Modernity and tradition in Dubai architecture by Luiza Karim
"The migration of an architecturaL style from an area to another foreign area is something that should be rejected because it will cut its relations to its heritage, traditions and culture. It leads to double personality and the loss of one's identity, thus to be a stranger in your house is the worst type of stranger."
Besides being a town on the old caravan route from Iraq to Oman, Dubai was also a transit port for dhows between India east Africa and the northern part of the Gulf. Gradually it developed into a busy commercial centre where people of different cultures and traditions settled and mixed, leading to today's multi-cultural society.
"Like most Arabian Gulf coastal cities, Dubai was established on land near a creek and fresh water. Creeks provided natural ports for dhows, and the sea was a convenient way of transportation, besides being a means of providing food and pearl diving," explains Rashad M. Bukhash, head of historical buildings section at Dubai Municipality.
Speaking at the Architectural Review conference in the Middle East: Modernity and Tradition in Architecture held at the end of May in Dubai, Bukhash explained how Dubai's traditional architecture is a result of the mixture of nationalities of people who lived here.
" In general it is influenced by Islamic architecture which developed in the region. Its main features are simplicity, functionality, durability and suitability for climatic environments and social life. The courtyard houses are an aspect of Islamic architecture and are well suited to the local climate," he said.
Many elements of the architecture are imported from neighbouring countries, such as the wind-towers and decorative panels from Iran as well as carved doors and balconies from India. The first thorough description of Dubai was given by the British Lieutenant Cogan in 1822, who recorded that the population then was around 1200 people, that there was a low wall around the town with three watch-towers and that the houses were made of mud. Lieutenant Cogan drew the first map of Dubai city and its elevation from the sea. In 1841 smallpox broke out on the Bur Dubai side of the creek and as a result people moved to Deira side and started to build houses and markets. Consequently, Deira became larger than Bur Dubai. In 1894 fire swept through Deira, burning down most of the dwellings. Richer people began building their houses from coral stone and gypsum which was more fire resistant.
G.G. Lorimer is considered one of the best historians and geographers to describe the Arabian Gulf at the beginning of this century. He recorded the statistics of Dubai in 1908 as follows: "There is no customs, the yearly revenue is $51,400 mainly from pearls. In Deira side there are 1600 houses and 350 shops. In Shindagha area there are 250 houses. In (Bur) Dubai there are 200 houses and about 50 shops. There are about 4000 date palm trees in the town, 1650 camels, 45 horses, 380 donkeys, 430 cattle and 960 goats. In the creek, there are 155 boats for diving and trading and 20 small boats - abras- to take passengers between the two banks of the creek."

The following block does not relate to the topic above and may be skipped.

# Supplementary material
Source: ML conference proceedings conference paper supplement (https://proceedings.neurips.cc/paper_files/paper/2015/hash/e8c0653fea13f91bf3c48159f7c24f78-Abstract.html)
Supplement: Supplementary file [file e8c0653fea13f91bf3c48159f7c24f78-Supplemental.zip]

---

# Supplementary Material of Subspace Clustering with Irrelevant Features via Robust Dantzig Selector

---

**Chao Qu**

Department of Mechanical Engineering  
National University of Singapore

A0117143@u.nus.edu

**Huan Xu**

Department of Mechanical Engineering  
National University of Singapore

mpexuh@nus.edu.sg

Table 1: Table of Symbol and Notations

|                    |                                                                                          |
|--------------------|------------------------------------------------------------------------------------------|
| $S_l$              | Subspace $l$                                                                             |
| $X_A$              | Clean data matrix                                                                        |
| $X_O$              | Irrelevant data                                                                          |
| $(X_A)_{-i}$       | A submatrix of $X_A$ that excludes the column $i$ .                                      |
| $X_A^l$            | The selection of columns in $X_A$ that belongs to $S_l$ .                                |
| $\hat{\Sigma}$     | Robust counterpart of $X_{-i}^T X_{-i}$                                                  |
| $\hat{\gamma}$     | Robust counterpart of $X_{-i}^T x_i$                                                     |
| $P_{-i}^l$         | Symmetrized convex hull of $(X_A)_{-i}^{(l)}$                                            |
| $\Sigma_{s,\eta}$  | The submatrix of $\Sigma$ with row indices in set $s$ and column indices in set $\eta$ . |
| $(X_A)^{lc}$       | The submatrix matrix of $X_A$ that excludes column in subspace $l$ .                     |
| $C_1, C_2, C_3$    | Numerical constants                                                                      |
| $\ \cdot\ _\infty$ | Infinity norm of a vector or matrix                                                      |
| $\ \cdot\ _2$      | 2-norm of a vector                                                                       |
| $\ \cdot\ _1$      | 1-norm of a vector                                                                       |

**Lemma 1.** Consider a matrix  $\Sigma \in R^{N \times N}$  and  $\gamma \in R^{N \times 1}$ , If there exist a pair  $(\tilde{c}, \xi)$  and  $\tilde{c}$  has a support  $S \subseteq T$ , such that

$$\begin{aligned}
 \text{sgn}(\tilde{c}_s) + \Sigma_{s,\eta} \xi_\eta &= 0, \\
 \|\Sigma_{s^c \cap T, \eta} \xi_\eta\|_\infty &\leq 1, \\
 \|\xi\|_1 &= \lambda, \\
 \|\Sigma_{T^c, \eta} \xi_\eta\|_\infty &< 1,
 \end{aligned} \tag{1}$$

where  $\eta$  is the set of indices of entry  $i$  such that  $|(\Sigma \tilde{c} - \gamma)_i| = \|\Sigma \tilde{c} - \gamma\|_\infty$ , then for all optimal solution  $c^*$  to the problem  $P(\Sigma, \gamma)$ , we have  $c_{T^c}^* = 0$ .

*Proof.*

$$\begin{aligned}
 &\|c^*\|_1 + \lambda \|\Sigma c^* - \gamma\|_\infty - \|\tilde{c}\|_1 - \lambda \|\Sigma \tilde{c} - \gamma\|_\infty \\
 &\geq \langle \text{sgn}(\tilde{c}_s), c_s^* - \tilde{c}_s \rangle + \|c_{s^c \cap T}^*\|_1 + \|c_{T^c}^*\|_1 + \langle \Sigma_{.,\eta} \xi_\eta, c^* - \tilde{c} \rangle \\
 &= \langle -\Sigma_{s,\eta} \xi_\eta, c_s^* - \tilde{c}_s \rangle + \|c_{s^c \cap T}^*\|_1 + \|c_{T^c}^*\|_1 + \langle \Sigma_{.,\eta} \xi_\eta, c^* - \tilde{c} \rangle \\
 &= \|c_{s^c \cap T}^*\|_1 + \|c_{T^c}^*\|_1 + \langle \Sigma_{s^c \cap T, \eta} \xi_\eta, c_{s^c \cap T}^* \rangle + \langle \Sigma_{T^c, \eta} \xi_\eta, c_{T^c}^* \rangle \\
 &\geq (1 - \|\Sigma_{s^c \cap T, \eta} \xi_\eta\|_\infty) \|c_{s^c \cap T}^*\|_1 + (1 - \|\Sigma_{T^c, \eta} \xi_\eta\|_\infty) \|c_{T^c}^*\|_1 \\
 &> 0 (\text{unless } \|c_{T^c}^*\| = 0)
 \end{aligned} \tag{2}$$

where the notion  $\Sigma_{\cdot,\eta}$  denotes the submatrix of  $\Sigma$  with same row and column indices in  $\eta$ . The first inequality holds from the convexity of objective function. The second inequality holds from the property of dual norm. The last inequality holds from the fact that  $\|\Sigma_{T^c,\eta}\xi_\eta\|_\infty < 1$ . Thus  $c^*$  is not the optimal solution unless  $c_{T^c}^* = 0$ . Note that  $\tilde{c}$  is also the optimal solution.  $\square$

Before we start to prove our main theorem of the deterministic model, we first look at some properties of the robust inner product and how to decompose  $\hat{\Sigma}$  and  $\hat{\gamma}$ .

At the beginning of the century, Dubai became a main trading centre in the Arabian Gulf where dhows handled the import and export of goods between the ports of India and east Africa. The main income was from pearls which people used to dive for in the hot summer months. The city expanded during this period, the population increased and Dubai experienced a construction boom.
However, the pearl trade started to decline after Japan produced cultured pearls n 1930 and the economy began to deteriorate. The 1930s and '40s were slow years for Dubai. The introduction of cultured pearls by Japan on the one hand, and the start of the second world war on the other, led to widespread economic depression. Consequently, people migrated to neighbouring countries such as Saudi Arabia and Kuwait where more job opportunities were available. The population dropped significantly from 38,000 in 1940 to just 20,000 in 1953.
The first oil agreement was signed with Britain in 1937 to search for oil in Dubai on land. Thirty years later, oil was discovered offshore. The first production was in 1969. Oil discovery increased the Emirate's income and subsequently, major infrastructure projects were embarked upon.
Cement was first imported to Dubai in 1955 and the first concrete building was built in 1956. Cement was much cheaper than gypsum, which was traditionally used for building construction, so that in a few years the tradition of constructing buildings with coral stone and gypsum vanished and replaced with ready-made cement block construction. This was the beginning of a new era where traditional ways and forms of architecture were abandoned and new modern styles adopted.
The traditional architecture of Dubai was basically the result of three main factors: the hot and humid climate, people's social lives and religion, and locally available construction materials.